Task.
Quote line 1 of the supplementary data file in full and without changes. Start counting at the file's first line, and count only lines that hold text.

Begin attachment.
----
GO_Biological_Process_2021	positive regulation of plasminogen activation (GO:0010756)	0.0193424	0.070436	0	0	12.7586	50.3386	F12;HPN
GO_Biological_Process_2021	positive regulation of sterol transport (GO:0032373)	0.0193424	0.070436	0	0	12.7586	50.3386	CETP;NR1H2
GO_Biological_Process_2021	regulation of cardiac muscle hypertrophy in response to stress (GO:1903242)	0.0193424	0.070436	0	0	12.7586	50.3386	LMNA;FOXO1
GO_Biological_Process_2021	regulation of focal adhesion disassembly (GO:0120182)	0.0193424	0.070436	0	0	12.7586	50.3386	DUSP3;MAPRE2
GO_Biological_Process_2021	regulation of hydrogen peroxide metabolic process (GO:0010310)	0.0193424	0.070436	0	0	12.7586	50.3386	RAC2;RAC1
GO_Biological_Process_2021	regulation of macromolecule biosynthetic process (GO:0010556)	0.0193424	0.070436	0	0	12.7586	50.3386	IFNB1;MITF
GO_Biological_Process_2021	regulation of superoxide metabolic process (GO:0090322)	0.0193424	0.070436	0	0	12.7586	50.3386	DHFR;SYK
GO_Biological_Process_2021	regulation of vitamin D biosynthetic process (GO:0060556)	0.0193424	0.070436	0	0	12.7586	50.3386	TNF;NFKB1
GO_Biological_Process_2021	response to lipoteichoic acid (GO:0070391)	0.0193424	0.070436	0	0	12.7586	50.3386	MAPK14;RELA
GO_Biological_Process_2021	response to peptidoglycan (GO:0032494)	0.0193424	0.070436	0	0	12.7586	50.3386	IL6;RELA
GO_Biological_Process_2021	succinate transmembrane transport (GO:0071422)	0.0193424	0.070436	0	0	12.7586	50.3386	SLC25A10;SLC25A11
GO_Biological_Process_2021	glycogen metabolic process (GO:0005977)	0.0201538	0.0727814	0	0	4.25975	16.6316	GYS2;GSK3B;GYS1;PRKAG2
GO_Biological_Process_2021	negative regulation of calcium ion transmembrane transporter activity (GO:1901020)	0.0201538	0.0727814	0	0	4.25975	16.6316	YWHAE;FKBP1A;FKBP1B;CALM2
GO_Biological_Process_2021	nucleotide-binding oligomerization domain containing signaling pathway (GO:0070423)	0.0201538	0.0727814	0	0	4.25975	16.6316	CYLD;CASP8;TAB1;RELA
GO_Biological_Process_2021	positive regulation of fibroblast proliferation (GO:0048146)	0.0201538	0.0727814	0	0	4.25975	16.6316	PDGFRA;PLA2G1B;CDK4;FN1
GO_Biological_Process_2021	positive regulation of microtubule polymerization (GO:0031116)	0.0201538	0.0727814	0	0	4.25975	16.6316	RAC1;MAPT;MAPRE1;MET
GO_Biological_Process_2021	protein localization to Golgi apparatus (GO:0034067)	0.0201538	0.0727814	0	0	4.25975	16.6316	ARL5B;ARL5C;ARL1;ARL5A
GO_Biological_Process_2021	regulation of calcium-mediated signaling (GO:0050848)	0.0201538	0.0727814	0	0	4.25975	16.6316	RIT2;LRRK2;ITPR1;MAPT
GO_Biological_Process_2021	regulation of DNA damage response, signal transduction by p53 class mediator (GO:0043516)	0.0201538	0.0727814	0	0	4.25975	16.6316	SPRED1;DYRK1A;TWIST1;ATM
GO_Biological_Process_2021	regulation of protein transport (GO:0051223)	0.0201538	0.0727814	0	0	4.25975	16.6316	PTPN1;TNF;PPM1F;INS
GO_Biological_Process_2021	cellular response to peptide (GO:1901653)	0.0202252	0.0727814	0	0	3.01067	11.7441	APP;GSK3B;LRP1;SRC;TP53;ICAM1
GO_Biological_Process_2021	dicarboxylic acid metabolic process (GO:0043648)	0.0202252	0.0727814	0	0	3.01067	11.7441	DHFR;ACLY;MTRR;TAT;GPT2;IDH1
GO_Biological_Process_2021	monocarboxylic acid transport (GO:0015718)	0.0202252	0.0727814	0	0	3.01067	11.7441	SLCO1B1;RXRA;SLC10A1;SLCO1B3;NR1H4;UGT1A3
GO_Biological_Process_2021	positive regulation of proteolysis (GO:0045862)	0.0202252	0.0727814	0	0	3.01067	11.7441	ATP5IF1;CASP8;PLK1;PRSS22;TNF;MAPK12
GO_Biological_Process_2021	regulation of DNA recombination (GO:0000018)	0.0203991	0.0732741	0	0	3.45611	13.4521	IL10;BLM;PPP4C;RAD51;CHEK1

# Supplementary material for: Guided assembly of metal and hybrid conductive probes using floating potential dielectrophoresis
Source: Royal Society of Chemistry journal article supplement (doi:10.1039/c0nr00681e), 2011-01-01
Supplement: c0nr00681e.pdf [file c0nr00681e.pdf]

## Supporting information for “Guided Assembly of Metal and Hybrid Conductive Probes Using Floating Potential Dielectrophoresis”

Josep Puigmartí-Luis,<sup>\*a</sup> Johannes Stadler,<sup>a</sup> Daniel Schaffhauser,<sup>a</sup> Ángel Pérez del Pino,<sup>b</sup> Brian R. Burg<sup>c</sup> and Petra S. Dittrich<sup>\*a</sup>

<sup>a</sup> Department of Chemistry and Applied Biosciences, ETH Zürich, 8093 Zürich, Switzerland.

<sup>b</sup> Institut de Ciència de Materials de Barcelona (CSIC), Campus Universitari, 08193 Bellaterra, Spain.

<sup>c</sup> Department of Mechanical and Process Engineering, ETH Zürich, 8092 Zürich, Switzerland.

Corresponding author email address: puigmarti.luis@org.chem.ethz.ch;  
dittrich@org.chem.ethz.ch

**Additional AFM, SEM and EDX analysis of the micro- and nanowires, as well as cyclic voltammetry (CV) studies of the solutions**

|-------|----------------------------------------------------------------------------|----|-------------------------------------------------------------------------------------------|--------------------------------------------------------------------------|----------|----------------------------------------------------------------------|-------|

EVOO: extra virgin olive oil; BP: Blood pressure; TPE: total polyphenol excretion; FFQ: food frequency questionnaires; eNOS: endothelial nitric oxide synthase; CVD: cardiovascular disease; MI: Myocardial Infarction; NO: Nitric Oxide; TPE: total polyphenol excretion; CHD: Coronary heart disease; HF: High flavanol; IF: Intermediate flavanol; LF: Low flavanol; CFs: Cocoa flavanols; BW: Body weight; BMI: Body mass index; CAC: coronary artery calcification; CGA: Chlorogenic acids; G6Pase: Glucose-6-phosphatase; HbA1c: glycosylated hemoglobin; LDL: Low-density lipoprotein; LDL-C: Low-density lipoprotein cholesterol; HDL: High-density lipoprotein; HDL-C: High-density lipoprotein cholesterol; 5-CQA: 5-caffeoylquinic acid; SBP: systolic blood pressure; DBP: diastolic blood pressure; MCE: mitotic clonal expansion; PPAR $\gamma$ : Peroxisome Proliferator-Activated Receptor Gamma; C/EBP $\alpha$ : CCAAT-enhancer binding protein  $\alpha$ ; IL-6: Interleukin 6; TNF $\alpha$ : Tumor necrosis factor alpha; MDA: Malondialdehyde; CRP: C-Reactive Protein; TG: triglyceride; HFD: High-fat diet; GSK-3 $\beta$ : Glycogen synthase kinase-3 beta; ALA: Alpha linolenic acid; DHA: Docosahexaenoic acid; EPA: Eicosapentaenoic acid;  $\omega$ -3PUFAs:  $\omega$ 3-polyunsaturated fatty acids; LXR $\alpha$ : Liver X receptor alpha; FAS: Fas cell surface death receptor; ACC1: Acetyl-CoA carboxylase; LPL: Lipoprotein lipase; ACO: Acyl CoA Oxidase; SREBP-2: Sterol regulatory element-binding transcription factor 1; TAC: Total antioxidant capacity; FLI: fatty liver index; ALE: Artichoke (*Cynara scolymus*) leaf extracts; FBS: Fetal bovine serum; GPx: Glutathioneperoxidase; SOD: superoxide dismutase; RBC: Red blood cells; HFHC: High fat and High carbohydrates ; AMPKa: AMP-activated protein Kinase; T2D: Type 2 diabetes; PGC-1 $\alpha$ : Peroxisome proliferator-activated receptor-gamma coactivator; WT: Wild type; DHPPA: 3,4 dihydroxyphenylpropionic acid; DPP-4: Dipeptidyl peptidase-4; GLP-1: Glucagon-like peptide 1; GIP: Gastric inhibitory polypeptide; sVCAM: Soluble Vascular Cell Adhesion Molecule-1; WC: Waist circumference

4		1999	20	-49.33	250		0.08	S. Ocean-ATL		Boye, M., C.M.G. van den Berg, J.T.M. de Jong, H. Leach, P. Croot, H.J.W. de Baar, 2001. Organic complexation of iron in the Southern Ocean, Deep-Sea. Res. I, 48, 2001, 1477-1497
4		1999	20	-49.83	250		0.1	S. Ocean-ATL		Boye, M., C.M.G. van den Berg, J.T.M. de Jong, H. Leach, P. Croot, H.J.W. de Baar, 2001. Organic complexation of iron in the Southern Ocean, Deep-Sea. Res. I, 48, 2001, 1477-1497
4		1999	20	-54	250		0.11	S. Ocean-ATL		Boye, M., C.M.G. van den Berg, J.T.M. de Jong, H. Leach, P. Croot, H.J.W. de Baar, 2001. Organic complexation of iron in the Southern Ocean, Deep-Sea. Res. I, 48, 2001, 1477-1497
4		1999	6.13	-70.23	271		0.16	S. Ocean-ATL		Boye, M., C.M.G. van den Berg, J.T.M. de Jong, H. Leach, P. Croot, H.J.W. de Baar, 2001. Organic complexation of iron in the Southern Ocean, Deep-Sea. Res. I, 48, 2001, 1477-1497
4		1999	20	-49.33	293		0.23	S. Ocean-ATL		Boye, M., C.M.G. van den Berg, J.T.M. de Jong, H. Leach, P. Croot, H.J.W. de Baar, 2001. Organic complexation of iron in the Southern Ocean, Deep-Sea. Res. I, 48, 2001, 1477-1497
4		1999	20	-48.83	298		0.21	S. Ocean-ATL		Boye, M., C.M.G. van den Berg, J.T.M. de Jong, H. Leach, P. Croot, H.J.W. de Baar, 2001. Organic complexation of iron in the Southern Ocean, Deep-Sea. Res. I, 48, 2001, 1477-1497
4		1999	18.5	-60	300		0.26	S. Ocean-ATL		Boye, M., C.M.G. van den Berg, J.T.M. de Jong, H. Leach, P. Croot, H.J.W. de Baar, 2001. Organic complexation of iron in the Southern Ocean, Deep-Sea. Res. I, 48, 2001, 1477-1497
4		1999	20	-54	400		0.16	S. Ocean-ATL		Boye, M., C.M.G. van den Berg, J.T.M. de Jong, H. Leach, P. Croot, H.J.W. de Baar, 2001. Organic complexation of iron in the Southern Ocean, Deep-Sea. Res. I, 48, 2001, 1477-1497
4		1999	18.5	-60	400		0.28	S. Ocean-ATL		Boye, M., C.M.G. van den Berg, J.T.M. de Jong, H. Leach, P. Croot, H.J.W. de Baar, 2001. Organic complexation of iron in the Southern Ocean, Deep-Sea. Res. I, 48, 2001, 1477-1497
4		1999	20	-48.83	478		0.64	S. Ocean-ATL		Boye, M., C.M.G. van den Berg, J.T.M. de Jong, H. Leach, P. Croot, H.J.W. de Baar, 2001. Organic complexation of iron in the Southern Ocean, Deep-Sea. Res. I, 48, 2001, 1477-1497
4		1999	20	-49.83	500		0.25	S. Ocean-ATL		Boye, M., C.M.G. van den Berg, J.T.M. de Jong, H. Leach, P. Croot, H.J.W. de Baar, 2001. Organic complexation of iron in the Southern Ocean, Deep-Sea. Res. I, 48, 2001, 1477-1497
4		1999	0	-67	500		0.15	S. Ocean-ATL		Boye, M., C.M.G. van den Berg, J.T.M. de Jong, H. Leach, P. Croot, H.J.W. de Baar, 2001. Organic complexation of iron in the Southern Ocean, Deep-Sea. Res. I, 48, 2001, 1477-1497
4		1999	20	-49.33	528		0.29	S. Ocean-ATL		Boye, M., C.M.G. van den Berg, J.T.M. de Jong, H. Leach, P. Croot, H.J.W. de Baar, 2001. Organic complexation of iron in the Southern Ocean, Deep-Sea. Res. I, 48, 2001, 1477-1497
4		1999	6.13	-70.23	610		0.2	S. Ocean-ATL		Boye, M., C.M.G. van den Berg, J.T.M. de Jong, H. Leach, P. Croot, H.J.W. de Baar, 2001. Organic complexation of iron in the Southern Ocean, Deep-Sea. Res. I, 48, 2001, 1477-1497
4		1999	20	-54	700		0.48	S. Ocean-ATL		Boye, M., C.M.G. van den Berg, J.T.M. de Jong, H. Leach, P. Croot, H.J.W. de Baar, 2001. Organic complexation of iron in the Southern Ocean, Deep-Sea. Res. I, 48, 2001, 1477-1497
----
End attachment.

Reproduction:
GO_Biological_Process_2021	positive regulation of plasminogen activation (GO:0010756)	0.0193424	0.070436	0	0	12.7586	50.3386	F12;HPN